Kate: That’s so funny, because I didn’t get that from her at all! Planning a wedding is sooooo inherently navel-gazing, because every single freaking choice you make is 1) scrutinized by all of your friends and family, 2) says something about who you are as a person and society and feminism, 3) is immortalized in every freaking picture of that day for eternity, 4) is supposed to be magical and special and aughhhhhhhh.

Corey: You see why I am somewhat averse to weddings. That all sounds tremendously stressful and mostly awful.

Kate: Let’s agree to call it a rite of passage? :) This book is not about humble bragging, as far as I’m concerned — this was a survival story. I did think some of the stuff she did wouldn’t have been possible if she wasn’t a work-at-home artist who also happened to be writing a book about her wedding (and so had time to do things like glue little flags onto string and make ties for the groomsmen). She also had the benefit of family and friends close by, as well as convenient connections in the catering business, a free venue, and the time and ability to do things herself. This is not the average experience of most people planning a wedding, honestly, but I think most people want to be able to plan it this way, if that makes sense?

Corey: Sure! Yes, her wedding planning sounded as painful as the next, but by the same token it was a little idealized because of her connections and perks.

something-new2Kate: To me, she seemed a little overly critical of the bridal industry. There is literally no other time in one’s life that a woman can dress up as a princess in a socially acceptable way. The bridal industry is the way it is because we, as a society, place so much of an emphasis on the perfect wedding. It is what we made it.

And you know what? Dads don’t understand that it’s patriarchal to have them walk you down the aisle; they just want to do that for their little girls. Moms don’t get that maybe you could not care less what they wear; they just want to look their best for your big day. Younger cousins don’t get that maybe you don’t want to throw the bouquet because it’s demeaning and you have too many awkward memories.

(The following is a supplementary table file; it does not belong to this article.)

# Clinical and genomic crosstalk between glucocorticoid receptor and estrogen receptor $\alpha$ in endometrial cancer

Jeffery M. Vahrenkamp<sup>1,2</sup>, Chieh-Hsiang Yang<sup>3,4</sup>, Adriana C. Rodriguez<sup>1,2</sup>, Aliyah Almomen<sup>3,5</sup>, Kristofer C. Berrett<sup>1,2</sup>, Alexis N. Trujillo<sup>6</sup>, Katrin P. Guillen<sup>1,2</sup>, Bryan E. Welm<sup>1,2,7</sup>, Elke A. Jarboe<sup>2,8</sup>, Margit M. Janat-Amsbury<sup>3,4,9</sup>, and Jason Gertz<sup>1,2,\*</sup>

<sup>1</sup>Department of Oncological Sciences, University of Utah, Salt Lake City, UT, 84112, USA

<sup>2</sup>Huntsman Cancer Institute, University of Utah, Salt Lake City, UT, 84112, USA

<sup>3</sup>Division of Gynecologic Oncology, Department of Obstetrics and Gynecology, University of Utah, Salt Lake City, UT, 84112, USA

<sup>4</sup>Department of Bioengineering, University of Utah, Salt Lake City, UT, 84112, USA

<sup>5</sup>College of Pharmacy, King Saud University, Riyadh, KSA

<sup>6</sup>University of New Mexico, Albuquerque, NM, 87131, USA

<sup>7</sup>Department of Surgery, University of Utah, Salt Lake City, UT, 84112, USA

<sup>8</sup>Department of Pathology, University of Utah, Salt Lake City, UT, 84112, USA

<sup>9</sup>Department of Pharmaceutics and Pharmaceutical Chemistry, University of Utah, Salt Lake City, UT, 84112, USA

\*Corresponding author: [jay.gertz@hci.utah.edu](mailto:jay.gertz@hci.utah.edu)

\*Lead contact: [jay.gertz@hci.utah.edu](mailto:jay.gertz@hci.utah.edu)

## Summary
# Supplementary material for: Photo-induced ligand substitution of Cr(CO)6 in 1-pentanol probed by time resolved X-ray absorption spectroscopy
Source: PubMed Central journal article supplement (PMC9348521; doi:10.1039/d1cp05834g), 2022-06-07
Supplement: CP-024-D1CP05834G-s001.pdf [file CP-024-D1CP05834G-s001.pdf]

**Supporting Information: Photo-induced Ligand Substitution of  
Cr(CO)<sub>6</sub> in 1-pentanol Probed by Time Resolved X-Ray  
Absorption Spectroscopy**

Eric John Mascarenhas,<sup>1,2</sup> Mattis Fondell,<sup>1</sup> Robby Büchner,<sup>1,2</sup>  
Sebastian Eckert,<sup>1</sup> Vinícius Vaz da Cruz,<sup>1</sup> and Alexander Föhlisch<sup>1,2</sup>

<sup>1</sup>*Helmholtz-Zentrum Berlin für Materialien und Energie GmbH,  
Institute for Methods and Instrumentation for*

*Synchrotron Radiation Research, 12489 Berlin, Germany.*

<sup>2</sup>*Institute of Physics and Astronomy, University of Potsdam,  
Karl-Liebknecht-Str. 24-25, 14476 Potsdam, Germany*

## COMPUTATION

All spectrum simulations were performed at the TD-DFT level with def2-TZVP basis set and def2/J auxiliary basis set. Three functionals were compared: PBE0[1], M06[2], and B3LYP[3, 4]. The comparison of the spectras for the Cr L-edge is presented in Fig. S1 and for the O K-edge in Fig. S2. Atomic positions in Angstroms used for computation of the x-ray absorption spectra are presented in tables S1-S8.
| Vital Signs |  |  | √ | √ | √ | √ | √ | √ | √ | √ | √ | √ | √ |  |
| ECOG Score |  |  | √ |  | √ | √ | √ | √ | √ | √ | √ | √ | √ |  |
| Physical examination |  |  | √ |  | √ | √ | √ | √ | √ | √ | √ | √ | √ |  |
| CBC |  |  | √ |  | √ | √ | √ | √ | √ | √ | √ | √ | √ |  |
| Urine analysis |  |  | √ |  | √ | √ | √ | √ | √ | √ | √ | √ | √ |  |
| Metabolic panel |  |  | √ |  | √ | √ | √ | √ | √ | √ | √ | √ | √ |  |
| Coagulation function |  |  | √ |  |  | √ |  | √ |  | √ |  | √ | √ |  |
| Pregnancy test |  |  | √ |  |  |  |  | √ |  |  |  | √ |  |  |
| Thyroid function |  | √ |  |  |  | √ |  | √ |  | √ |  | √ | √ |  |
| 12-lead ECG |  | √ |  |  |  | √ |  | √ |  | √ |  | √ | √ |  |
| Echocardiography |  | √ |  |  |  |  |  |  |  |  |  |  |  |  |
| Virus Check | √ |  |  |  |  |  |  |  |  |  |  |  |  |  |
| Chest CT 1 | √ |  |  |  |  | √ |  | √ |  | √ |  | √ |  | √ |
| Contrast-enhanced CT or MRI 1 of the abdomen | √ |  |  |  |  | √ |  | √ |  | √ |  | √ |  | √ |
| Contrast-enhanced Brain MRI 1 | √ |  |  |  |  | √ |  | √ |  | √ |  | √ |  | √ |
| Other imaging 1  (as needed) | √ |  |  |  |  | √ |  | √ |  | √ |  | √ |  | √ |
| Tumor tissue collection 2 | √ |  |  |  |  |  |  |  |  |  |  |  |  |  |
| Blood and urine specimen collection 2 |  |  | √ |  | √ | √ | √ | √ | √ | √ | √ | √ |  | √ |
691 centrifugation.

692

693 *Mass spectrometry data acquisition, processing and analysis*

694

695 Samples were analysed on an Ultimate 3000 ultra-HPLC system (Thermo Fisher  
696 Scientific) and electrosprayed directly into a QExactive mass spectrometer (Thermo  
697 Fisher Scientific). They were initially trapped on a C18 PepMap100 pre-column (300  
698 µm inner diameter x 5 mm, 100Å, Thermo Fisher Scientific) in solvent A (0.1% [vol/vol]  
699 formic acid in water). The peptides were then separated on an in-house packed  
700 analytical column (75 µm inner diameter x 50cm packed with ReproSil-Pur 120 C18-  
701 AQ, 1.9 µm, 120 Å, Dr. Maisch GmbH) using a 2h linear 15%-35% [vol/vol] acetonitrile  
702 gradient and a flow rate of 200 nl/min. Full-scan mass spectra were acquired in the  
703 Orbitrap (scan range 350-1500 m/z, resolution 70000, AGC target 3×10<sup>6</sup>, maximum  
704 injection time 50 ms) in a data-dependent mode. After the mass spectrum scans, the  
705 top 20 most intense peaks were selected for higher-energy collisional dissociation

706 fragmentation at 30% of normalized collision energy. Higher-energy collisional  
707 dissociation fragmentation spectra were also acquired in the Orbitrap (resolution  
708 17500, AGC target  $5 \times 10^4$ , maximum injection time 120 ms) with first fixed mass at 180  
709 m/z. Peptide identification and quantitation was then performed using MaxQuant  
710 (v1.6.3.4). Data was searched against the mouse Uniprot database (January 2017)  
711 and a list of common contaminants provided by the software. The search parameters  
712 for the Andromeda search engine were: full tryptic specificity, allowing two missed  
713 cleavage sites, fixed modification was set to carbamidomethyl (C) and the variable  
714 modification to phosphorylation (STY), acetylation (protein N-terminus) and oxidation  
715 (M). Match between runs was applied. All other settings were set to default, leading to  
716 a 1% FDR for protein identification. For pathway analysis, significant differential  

Corey: But shouldn’t we be critical of it if the bridal industry if it often promotes such negativity? Just letting an industry, and/or problematic traditions, overtake how we see our own weddings and our very selves just because that’s The Way It Is seems equally flawed! And we’re all “society,” so don’t we have something of an obligation to approach these types of events critically and think about we actually want, not what an industry is selling us?

Kate: Oh, totally. And that’s why I refused to diet for my wedding, or pay someone to do my makeup, or get some dress that made me look like a Marilyn Monroe mermaid. Maybe the best way is to do what Lucy did — to analyze the traditions we take for granted, decide what we like about them or don’t, and keep what we like. I love that both sets of parents, for example, walked both of them down the aisle! So sweet, and eliminates the patriarchy issue. I wish I’d thought of it! Balance.

Corey: I have to ask you, as someone who fairly recently planned her own wedding, is it as grueling and awful as Lucy makes it sound? And, after the fact, is it as magical and worth it?

Kate: Yes. It is that grueling. I can’t even. I had two great friends helping with my dress, the invitations turned out perfectly, my flowers were gorgeous, the bridesmaid dresses were perfect, and the food was on point. The wedding planner at the venue was so amazing, and I felt like our schedule allowed plenty of time for spending time with our friends.

But no matter what you do, something will always be wrong and someone will always criticize. Or little cousins will chop their fingers off. Or it will snow on your guests. Or your hairdresser will be having a Rough Day and you’ll briefly look like something out of a sci-fi movie. Or you’ll tell all of your friends not to make toasts and then all of your groom’s friends will anyway, leaving you standing there like an idiot. Or your dress won’t be right. Or your guests will simply decide to bring other people along without asking, or will refuse to RSVP until the week before, leaving you with a seating chart that is constantly in flux.

This makes me sound awful and bitter, and I know people for whom their wedding day was just the most perfect, amazing day of their whole lives. But if I had to do it again, I’d elope with about four friends and then just throw a party later.

Corey: Insofar as I think about my future wedding at all, that’s pretty much my plan! And Something New just made me more sure that a wedding-wedding really isn’t what I want, however nice it is to have everyone together.



Entry filed under: Comic Books and Graphic Novels, Musings and Essays. Tags: , .